Often, attempting to do everything alone results in a sub-par end result. Individual passion and dedication lead to a fantastic skill-set, however it’s rare that any of us can do everything well. Working as a part of a team lessens the workload and allows team members to focus on the things they are best at, which promotes a better end result and a higher quality product.
Finding the right people
However finding the right people to work with can be a daunting prospect. A bad team is worse than no team and if you have no connections, it can be difficult to know where to start looking. The answer will typically be determined by the type of project and the manner of collaboration.
- Do you need to meet in person, or can work be done entirely online?
- What work do you want to do yourself and what work do you want to delegate?
- Are you offering a partnership, or paying someone for their services?
- What is the project budget? Who is fronting the money?
- What are the goals of the project? What are you trying to produce?
If you need to meet in person, you will need to source a team locally, unless you or they are willing to travel. Universities, local clubs, local organisations and even council offices may have a resource of people who are eager to participate. You can also place an advertisement in local papers, put out a call through your friends and social media, or search local business pages.
If the work can be done online, you are free to search the entire world for collaborators. There are numerous websites that help connect people with different skills. It may also be worth looking for communities that focus on the skills you lack. Art websites when looking for artists, writing forums when looking for writers, etc. If you are working with someone overseas, aim to see a portfolio of their work before signing anything, as people’s confidence may outweigh their actual skill.
Set the right tone for cooperation from the start
Be sure to approach people professionally and with courtesy. You are not doing anyone a favour by offering to work with them, nor are you coming to them to beg. You are seeking mutual interest and benefits. Likewise, be wary of anyone who acts like they are doing you a favour, or who is flippant, rude or very vague about their availability and project time frames. If you have a bad feeling about someone, it’s better to back out early, rather than trying to muddle through. It can get a lot worse if you have to leave the collaboration in the middle, as you may lose some or all of the progress you have made.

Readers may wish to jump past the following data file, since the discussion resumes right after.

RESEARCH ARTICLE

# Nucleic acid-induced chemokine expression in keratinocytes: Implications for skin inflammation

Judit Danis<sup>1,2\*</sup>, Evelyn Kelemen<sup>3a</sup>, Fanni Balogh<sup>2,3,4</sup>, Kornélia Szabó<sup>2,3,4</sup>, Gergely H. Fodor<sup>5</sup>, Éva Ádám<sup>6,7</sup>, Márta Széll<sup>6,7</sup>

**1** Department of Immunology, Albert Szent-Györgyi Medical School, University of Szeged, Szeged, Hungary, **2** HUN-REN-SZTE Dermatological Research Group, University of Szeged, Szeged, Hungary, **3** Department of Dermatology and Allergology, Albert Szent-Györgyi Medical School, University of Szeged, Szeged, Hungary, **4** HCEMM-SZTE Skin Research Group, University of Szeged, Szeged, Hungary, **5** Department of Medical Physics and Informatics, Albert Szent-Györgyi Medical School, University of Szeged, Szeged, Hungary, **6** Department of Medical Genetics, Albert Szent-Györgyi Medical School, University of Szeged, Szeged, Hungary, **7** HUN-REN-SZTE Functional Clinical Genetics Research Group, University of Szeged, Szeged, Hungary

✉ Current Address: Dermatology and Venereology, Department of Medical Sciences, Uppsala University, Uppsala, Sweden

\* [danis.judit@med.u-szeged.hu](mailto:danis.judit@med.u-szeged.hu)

Different collaboration teams have different dynamics. There is no right or wrong way, though ideally a team should work without stress or animosity. Some teams may be strictly professional, always business-like and have very little to do with one and other on a personal level. Other teams may be made up of good friends who spend a lot of time together when they aren’t collaborating. When you create a team, you set the tone. Be aware in advance what sort of interaction and tone you want to set and behave accordingly. Be aware you are creating a team to achieve a goal or create a project, not to make new friends. Ask yourself:
- How often will the team communicate?
- How will they communicate?
- Will it be a professional atmosphere or a relaxed one?
- If working with friends, how will we define the line between friendship and the project?
Deciding all these things before building your team will save misstep and frustration later on, but remember a team is made up of people. Flexibility is never a bad thing, so long as the project remains on track.
Part two of series on collaboration is coming soon. We cover how to avoid some other pitfalls you might encounter even before you start. Stay tuned!